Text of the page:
Japan's Energy Policy in a Post-3/11 World: Juggling Safety, Sustainability and Economics Asie.Visions, No. 72, September 2014
The March 2011 accident at the Fukushima Daiichi Nuclear Power Station turned Japan’s energy policy on its head, shedding a harsh new light on Japan’s energy policy and power supply system, and throwing into relief six major problem areas that had largely escaped scrutiny before the disaster.
(1) Fragmentation of the power grid under the regional monopolies of Japan’s 10 “general electric utilities” and the resulting failure to develop the kind of wide-area transmission system needed to transfer electricity from regions with a surplus to those suffering shortages.
(2) The low electric supply capacity of entities other than the 10 regional utilities, making procurement of electric power from other sources difficult.
(3) The lack of effective mechanisms for curtailing demand at times when a reliable electric supply is jeopardized.
(4) The inability of customers to choose a power source or supplier.
(5) The failure to manage the energy risks associated with a shutdown of Japan’s nuclear power plants.
(6) The urgent need to confront the risk of severe accidents and other hazards associated with nuclear power facilities.
The pre-quake Strategic Energy Plan announced by the Democratic Party (DPJ) in 2010 put an emphasis on nuclear power as the mainstay of Japan’s energy supply and offered little guidance for addressing these issues. The plan was subsequently rejected, and a new policy was announced by the DPJ to eliminate nuclear power from Japan’s energy mix before 2040. The coalition agreement between the Liberal Democratic Party and the New Komeito Party, which defeated the DPJ in the December 2012 general election, backtracked from the “zero nuclear power” policy, which constituted an important shift from the nuclear-dependent policies of the pre-Fukushima era.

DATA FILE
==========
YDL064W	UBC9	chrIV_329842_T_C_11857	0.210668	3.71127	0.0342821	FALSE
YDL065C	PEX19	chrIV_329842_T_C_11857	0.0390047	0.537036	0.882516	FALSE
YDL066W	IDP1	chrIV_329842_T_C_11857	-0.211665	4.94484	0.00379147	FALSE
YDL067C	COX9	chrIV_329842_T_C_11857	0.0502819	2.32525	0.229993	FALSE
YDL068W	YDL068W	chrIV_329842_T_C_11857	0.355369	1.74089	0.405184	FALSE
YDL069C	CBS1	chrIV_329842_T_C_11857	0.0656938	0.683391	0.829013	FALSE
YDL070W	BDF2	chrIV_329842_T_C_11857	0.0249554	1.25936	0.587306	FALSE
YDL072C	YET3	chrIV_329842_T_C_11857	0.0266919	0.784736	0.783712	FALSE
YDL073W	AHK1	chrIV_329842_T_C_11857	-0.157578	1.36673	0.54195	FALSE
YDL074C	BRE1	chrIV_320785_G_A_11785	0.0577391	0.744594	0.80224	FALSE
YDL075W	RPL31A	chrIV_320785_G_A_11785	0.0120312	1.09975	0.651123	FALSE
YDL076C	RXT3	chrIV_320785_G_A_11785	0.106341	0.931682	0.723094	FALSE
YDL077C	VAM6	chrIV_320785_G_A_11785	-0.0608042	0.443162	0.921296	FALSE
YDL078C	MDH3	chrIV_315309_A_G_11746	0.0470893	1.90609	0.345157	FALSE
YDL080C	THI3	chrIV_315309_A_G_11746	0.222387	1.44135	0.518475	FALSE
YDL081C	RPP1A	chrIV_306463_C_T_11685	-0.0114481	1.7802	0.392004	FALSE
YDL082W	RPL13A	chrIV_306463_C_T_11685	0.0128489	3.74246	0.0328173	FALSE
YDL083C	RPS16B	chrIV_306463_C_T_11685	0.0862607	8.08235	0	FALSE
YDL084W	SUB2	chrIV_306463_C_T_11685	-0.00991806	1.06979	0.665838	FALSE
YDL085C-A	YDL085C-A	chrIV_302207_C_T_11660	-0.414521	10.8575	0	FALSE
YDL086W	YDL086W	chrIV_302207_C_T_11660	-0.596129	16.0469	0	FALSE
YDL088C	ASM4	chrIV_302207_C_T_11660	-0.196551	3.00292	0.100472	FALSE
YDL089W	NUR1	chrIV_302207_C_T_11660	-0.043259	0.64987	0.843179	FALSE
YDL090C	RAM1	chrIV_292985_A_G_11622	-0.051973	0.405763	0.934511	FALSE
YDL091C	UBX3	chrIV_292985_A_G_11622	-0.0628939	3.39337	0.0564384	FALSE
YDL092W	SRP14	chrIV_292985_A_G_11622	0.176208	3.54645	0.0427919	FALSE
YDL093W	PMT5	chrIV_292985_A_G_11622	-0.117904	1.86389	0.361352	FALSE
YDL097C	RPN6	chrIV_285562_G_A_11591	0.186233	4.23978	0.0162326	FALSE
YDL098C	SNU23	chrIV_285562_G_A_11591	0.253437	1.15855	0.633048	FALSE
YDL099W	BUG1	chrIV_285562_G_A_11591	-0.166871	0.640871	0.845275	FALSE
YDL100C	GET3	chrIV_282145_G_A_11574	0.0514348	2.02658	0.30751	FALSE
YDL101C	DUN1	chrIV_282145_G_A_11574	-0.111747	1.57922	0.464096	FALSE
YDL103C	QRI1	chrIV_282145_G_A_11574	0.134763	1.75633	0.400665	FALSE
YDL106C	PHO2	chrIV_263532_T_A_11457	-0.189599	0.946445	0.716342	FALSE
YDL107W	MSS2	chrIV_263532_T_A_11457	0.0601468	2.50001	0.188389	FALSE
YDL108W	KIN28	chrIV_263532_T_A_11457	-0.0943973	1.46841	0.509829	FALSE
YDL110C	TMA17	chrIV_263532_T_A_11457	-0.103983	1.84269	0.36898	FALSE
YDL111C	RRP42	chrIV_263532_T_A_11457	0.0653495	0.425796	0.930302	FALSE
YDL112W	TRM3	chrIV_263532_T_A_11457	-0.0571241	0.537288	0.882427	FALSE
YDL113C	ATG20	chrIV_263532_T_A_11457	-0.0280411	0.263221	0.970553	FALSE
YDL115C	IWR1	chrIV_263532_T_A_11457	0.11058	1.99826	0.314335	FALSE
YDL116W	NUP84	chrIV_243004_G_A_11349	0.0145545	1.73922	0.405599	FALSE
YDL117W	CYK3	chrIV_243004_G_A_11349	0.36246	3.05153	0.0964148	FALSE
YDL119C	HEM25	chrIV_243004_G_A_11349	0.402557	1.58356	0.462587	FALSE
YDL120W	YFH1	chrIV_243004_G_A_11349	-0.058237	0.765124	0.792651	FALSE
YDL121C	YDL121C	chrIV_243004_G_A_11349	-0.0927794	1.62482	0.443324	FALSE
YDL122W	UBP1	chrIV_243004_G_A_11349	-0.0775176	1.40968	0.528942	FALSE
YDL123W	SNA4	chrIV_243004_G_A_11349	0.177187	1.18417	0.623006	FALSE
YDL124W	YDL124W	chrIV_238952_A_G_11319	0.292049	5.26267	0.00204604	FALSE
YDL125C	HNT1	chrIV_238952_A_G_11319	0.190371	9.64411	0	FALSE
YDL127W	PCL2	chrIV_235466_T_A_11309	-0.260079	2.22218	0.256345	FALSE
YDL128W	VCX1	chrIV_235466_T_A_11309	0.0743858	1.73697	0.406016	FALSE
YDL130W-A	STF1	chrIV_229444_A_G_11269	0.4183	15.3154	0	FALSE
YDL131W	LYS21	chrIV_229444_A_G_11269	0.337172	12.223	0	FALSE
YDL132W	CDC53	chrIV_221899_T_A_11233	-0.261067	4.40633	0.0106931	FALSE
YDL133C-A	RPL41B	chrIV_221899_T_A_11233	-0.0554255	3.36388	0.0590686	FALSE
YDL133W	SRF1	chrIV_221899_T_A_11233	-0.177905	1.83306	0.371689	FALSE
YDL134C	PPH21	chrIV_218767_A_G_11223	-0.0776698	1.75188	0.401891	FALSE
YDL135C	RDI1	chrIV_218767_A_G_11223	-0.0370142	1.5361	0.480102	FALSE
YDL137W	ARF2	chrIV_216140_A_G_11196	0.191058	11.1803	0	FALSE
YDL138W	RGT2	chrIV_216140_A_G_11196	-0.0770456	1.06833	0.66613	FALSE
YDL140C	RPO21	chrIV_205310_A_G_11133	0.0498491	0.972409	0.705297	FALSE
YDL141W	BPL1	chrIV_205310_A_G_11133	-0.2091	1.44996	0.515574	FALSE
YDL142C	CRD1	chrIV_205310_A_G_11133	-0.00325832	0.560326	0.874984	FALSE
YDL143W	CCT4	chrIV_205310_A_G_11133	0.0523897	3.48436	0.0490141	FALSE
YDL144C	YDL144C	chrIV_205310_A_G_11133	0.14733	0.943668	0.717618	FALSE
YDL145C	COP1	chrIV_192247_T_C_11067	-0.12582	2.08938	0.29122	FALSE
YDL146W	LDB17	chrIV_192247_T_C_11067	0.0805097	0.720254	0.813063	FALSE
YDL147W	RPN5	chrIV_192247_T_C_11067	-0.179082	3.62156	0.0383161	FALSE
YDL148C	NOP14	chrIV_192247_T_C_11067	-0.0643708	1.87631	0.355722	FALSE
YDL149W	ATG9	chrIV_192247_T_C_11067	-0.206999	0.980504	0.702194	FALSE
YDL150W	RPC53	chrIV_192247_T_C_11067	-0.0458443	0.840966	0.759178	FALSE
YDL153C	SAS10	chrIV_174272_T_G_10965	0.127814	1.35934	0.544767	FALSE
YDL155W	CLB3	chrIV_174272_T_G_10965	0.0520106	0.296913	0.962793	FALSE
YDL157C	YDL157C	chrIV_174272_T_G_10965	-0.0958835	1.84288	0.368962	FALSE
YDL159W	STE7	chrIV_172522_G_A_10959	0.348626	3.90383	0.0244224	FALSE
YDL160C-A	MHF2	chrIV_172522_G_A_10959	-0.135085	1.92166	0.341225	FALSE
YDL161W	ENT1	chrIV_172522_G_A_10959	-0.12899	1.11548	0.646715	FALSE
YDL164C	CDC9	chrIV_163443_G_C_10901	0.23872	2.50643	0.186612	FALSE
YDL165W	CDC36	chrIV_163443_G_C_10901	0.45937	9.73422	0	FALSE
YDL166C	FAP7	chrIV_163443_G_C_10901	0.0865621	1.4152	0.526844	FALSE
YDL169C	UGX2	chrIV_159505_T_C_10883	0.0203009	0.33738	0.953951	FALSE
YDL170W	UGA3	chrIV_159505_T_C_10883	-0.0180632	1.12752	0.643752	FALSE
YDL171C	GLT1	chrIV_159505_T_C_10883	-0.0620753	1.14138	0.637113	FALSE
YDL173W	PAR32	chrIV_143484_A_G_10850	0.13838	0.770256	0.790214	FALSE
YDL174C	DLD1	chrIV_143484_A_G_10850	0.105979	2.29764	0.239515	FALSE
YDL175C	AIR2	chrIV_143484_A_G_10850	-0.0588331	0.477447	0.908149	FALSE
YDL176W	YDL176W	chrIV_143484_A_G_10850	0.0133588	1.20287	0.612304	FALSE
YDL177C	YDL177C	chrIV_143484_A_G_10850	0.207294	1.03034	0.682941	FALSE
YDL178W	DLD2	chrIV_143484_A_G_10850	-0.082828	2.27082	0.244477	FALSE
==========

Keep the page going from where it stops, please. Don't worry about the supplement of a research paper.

In April 2013, the LDP government of Prime Minister Shinzo Abe approved a document titled Policy on Electricity System Reform emphasizing the need to make use of a wider range of energy sources, and in April this year, the cabinet adopted an updated Strategic Energy Plan aimed at reducing reliance on nuclear power as much as possible and building a flexible, diversified, multilevel supply-and-demand structure.
Many challenges remain to be overcome, however, such as accelerating the use of renewable energy, securing stable and lower-cost sources of fossil fuels, holding down rising electricity costs, and overcoming opposition to restarting nuclear power plants. Challenges related to the liberalization and unbundling of Japan’s power sector are also a lingering cause for concern.
The problems that emerged in the aftermath of 3/11 exposed the existing electricity system’s deep vulnerability. Sweeping reforms will be needed to overhaul this system and reduce reliance on nuclear power by diversifying energy sources.
Electricity system reform will thus be of vital importance. Such reforms will be advanced in a three-stage process under the April 2013 Policy on Electricity System Reform. However, this scheme seems imperfect at best and a number of lingering concerns remain regarding its consistency and efficiency. Electricity system reform is indispensable to rebuilding Japan’s post-Fukushima energy policy and ensuring the success of the Abenomics program of economic growth. Japan must thus carry out drastic electricity system reforms, without being swayed by vested interests.
Hikaru Hiranuma is Research Fellow at the Tokyo Foundation, Japan